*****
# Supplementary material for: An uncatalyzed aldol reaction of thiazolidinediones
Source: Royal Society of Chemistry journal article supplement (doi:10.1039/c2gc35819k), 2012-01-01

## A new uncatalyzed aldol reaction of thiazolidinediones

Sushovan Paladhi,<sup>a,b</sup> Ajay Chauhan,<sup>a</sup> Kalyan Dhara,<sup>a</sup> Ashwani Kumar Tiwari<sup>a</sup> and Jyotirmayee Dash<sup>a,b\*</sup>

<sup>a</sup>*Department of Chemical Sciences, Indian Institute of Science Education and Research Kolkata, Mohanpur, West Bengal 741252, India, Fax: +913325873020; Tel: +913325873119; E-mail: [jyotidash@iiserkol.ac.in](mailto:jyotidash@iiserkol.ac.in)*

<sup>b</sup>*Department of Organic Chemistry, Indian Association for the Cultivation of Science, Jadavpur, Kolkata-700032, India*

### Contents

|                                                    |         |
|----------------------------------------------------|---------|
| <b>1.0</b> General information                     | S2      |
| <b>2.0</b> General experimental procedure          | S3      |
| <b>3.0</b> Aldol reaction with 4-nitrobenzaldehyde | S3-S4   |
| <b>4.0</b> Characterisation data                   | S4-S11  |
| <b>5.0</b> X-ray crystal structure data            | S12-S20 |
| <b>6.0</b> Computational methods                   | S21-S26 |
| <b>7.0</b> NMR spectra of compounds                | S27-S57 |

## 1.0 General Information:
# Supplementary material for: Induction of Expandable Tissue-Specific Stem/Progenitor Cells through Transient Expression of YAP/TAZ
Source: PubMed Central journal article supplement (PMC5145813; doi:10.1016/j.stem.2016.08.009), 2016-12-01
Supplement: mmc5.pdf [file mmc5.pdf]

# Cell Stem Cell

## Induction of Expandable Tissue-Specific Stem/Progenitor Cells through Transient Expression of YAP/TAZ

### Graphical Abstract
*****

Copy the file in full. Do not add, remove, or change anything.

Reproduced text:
# Supplementary material for: An uncatalyzed aldol reaction of thiazolidinediones
Source: Royal Society of Chemistry journal article supplement (doi:10.1039/c2gc35819k), 2012-01-01

## A new uncatalyzed aldol reaction of thiazolidinediones

Sushovan Paladhi,<sup>a,b</sup> Ajay Chauhan,<sup>a</sup> Kalyan Dhara,<sup>a</sup> Ashwani Kumar Tiwari<sup>a</sup> and Jyotirmayee Dash<sup>a,b\*</sup>

<sup>a</sup>*Department of Chemical Sciences, Indian Institute of Science Education and Research Kolkata, Mohanpur, West Bengal 741252, India, Fax: +913325873020; Tel: +913325873119; E-mail: [jyotidash@iiserkol.ac.in](mailto:jyotidash@iiserkol.ac.in)*

<sup>b</sup>*Department of Organic Chemistry, Indian Association for the Cultivation of Science, Jadavpur, Kolkata-700032, India*

### Contents

|                                                    |         |
|----------------------------------------------------|---------|
| <b>1.0</b> General information                     | S2      |
| <b>2.0</b> General experimental procedure          | S3      |
| <b>3.0</b> Aldol reaction with 4-nitrobenzaldehyde | S3-S4   |
| <b>4.0</b> Characterisation data                   | S4-S11  |
| <b>5.0</b> X-ray crystal structure data            | S12-S20 |
| <b>6.0</b> Computational methods                   | S21-S26 |
| <b>7.0</b> NMR spectra of compounds                | S27-S57 |

## 1.0 General Information:
# Supplementary material for: Induction of Expandable Tissue-Specific Stem/Progenitor Cells through Transient Expression of YAP/TAZ
Source: PubMed Central journal article supplement (PMC5145813; doi:10.1016/j.stem.2016.08.009), 2016-12-01
Supplement: mmc5.pdf [file mmc5.pdf]

# Cell Stem Cell

## Induction of Expandable Tissue-Specific Stem/Progenitor Cells through Transient Expression of YAP/TAZ

### Graphical Abstract